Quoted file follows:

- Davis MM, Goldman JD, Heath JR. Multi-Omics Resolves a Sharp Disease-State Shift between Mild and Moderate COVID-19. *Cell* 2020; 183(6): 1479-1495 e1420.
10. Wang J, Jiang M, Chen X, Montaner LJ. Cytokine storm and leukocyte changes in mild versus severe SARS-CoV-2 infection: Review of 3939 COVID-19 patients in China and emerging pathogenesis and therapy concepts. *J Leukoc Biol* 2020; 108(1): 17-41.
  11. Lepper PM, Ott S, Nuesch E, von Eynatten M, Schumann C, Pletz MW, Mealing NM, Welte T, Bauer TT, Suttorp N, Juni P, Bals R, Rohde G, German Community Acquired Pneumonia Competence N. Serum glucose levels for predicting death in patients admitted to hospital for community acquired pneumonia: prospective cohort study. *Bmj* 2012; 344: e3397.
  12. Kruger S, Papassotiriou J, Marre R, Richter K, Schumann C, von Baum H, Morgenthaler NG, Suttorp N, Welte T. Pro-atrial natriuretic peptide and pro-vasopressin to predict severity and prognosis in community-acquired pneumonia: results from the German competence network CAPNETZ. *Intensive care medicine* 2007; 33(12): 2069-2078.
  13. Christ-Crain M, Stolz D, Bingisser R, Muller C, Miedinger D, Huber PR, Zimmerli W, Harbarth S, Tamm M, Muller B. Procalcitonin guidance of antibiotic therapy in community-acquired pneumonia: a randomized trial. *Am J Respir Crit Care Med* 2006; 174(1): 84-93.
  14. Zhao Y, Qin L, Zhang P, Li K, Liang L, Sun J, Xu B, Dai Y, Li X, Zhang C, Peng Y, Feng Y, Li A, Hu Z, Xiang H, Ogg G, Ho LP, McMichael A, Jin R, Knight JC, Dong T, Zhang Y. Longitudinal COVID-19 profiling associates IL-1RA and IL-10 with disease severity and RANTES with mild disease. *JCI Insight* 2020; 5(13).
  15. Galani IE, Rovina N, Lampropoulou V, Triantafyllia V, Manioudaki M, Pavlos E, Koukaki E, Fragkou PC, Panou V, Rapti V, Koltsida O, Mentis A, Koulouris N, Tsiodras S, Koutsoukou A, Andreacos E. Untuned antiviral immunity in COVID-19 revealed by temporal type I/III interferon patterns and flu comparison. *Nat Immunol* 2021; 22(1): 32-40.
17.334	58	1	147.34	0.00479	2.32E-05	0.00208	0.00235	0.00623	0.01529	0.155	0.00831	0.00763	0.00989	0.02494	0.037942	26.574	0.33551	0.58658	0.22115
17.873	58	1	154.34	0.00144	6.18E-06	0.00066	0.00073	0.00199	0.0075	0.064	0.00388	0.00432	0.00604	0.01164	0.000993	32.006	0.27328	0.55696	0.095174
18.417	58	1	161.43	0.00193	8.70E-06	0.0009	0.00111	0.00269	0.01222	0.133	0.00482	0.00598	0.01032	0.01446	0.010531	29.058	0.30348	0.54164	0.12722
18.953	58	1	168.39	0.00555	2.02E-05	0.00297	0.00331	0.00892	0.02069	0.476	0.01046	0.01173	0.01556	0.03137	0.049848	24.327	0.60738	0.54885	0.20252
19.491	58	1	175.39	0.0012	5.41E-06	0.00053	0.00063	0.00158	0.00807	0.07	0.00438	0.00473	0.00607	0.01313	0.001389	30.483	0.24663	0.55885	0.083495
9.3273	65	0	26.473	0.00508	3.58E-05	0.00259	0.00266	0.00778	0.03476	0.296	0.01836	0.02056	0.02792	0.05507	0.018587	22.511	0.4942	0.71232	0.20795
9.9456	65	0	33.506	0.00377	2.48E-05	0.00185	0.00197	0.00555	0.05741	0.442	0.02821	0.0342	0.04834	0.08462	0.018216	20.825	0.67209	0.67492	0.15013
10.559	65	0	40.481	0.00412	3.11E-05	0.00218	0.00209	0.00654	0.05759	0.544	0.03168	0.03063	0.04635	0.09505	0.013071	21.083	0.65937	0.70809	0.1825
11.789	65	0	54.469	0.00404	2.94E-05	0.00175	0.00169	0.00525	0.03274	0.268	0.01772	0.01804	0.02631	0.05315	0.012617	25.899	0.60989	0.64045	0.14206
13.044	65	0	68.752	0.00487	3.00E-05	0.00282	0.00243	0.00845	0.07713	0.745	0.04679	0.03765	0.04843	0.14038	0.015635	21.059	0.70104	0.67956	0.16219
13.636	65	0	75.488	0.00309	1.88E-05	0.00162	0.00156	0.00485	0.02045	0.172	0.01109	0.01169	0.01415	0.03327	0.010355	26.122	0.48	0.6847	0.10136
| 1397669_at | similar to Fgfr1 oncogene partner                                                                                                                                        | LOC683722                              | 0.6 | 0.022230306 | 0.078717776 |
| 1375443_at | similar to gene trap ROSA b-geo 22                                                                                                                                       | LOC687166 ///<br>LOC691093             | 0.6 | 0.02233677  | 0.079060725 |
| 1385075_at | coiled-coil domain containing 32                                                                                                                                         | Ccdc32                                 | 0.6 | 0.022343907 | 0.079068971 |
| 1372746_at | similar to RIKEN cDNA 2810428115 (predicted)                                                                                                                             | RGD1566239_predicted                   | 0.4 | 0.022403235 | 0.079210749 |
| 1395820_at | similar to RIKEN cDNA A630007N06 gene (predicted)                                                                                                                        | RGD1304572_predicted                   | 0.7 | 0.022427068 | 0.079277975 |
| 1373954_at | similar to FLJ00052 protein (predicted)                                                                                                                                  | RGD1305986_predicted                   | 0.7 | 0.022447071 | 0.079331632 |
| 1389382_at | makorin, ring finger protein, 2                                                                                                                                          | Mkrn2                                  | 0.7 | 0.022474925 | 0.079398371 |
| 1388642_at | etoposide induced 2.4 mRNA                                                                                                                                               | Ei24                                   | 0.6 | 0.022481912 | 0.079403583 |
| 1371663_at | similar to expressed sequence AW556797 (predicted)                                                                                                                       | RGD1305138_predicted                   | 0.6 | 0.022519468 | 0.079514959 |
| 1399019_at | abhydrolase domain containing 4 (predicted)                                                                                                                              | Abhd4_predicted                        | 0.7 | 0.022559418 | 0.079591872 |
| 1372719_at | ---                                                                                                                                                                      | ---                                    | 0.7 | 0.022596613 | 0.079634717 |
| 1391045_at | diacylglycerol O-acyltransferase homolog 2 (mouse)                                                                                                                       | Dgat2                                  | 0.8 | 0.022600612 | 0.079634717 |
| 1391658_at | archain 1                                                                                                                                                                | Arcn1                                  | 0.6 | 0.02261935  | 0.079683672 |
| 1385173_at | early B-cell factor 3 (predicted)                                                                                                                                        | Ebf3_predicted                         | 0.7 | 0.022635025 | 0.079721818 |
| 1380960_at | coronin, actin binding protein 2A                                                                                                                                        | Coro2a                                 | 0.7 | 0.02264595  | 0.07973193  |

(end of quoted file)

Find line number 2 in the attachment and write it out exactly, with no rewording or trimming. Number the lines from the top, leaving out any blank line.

10. Wang J, Jiang M, Chen X, Montaner LJ. Cytokine storm and leukocyte changes in mild versus severe SARS-CoV-2 infection: Review of 3939 COVID-19 patients in China and emerging pathogenesis and therapy concepts. *J Leukoc Biol* 2020; 108(1): 17-41.